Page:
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The CISSP receives international standardization

The security professional credential got a big boost today when it became part of ISO/IEC 17024.

The Certified Information Systems Security Professional just became a more coveted credential today after its governing body announced the CISSP received accreditation under ISO/IEC 17024.

It's the first IT program to earn such accreditation under this personnel-oriented standard from the International Organization for Standardization and the American National Standards Institute, according to James Duffy, executive director of the International Information Systems Security Certification Consortium (ISC)2.

Duffy said the CISSP, which (ISC)2 has administered the past decade, is now closer to becoming the global gold standard in information security. "Educated, qualified and certified information security professionals are the key to protecting the critical infrastructure on which businesses and governments around the world operate," he said in a statement.

They'll know, when there are shops that are ISO 17024, that there's a minimum qualification that's been met with their professionals.
Howard Schmidt

The development also signals that information security ranks are starting to solidify as a true specialty within IT. Practitioners now have a goal to obtain for advancement, and companies can add the credential to hiring criteria, if they chose.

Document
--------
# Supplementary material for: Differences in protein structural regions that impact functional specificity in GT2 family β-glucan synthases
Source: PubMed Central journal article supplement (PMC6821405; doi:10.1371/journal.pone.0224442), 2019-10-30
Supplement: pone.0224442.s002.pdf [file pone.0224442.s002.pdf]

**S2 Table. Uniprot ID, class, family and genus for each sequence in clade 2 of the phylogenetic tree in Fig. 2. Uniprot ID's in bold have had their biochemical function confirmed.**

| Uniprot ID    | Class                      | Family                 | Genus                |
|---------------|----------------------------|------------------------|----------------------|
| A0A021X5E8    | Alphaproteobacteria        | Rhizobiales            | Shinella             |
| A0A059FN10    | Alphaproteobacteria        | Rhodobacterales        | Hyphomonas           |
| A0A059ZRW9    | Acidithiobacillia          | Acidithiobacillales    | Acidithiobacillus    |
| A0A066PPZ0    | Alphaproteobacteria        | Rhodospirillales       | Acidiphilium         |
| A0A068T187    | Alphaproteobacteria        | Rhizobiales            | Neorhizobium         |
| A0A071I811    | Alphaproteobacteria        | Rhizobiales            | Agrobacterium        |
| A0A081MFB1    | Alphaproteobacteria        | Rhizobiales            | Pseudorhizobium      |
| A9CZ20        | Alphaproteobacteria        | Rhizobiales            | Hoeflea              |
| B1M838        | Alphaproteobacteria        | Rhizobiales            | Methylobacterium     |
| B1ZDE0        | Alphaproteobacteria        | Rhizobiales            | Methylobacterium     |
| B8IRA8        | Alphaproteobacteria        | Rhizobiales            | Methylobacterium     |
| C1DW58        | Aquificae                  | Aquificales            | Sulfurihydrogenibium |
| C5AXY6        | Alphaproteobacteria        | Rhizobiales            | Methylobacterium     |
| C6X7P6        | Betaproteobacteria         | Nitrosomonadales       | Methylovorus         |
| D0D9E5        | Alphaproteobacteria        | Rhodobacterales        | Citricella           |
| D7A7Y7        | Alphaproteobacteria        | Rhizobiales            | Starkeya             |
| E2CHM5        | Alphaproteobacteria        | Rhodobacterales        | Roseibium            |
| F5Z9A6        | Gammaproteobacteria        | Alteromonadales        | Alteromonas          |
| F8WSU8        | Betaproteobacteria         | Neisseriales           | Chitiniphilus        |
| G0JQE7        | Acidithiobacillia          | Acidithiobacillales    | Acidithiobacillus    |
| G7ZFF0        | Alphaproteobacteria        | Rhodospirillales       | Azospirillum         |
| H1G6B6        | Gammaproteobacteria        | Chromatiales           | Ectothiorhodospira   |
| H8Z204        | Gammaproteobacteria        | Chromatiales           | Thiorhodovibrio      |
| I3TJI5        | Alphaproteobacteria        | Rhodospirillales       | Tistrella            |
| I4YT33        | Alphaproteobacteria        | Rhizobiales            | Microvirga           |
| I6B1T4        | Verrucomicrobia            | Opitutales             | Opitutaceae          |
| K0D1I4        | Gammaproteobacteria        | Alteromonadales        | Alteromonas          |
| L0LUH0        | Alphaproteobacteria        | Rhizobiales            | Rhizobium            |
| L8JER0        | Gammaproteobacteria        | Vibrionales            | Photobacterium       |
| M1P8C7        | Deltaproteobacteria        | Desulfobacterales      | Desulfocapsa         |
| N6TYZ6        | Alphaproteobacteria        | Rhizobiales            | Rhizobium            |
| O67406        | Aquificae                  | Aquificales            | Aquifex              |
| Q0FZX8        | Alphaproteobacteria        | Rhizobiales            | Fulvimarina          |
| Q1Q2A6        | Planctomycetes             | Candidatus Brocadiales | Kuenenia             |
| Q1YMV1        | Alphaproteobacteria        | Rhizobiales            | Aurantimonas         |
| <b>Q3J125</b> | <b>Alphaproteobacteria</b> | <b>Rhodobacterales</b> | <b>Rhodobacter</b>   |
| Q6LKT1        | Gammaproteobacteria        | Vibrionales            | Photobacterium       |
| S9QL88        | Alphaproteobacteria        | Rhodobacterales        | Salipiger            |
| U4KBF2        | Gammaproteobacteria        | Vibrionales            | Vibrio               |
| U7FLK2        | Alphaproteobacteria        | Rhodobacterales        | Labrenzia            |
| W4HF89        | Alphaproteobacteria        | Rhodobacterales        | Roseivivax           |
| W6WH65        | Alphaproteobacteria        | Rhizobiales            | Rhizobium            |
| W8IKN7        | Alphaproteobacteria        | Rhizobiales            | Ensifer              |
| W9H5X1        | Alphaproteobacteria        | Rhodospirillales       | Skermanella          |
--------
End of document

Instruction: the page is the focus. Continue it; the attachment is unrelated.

U.S. government leaders like Rep. Adam Putman (R-Fla.), who chairs a prominent House subcommittee on technology, lauded the new accreditation as a way to encourage more federal employees to obtain IT security certification. So far, about 3,500 of the 28,000 holding a CISSP work for Uncle Sam.

The subcommittee's staff director, Bob Dix said at a press conference in Washington, D.C., that the ISO/IEC 17024 inclusion should motivate more security professionals to seek the CISSP, thus strengthening security at both public and private enterprises. "We need … to encourage, incentivize and motivate folks to go in that direction," he said.

To receive certification, a security professional must have at least four years' experience and pass a six-hour exam in 10 areas. Employees must abide by a code of ethics and undergo 120 hours of professional training triennially to maintain the credential.

Former White House cybersecurity czar Howard Schmidt hailed the news as a "major deal" for the federal government, whose national cybersecurity strategy called for such global accreditation. He also said it will be a big boost for enterprise security programs that hire CISSPs -- and those that use their services.

"They'll know, when there are shops that are ISO 17024, that there's a minimum qualification that's been met with their professionals," said Schmidt, who now is in charge of information security for online auction company eBay.

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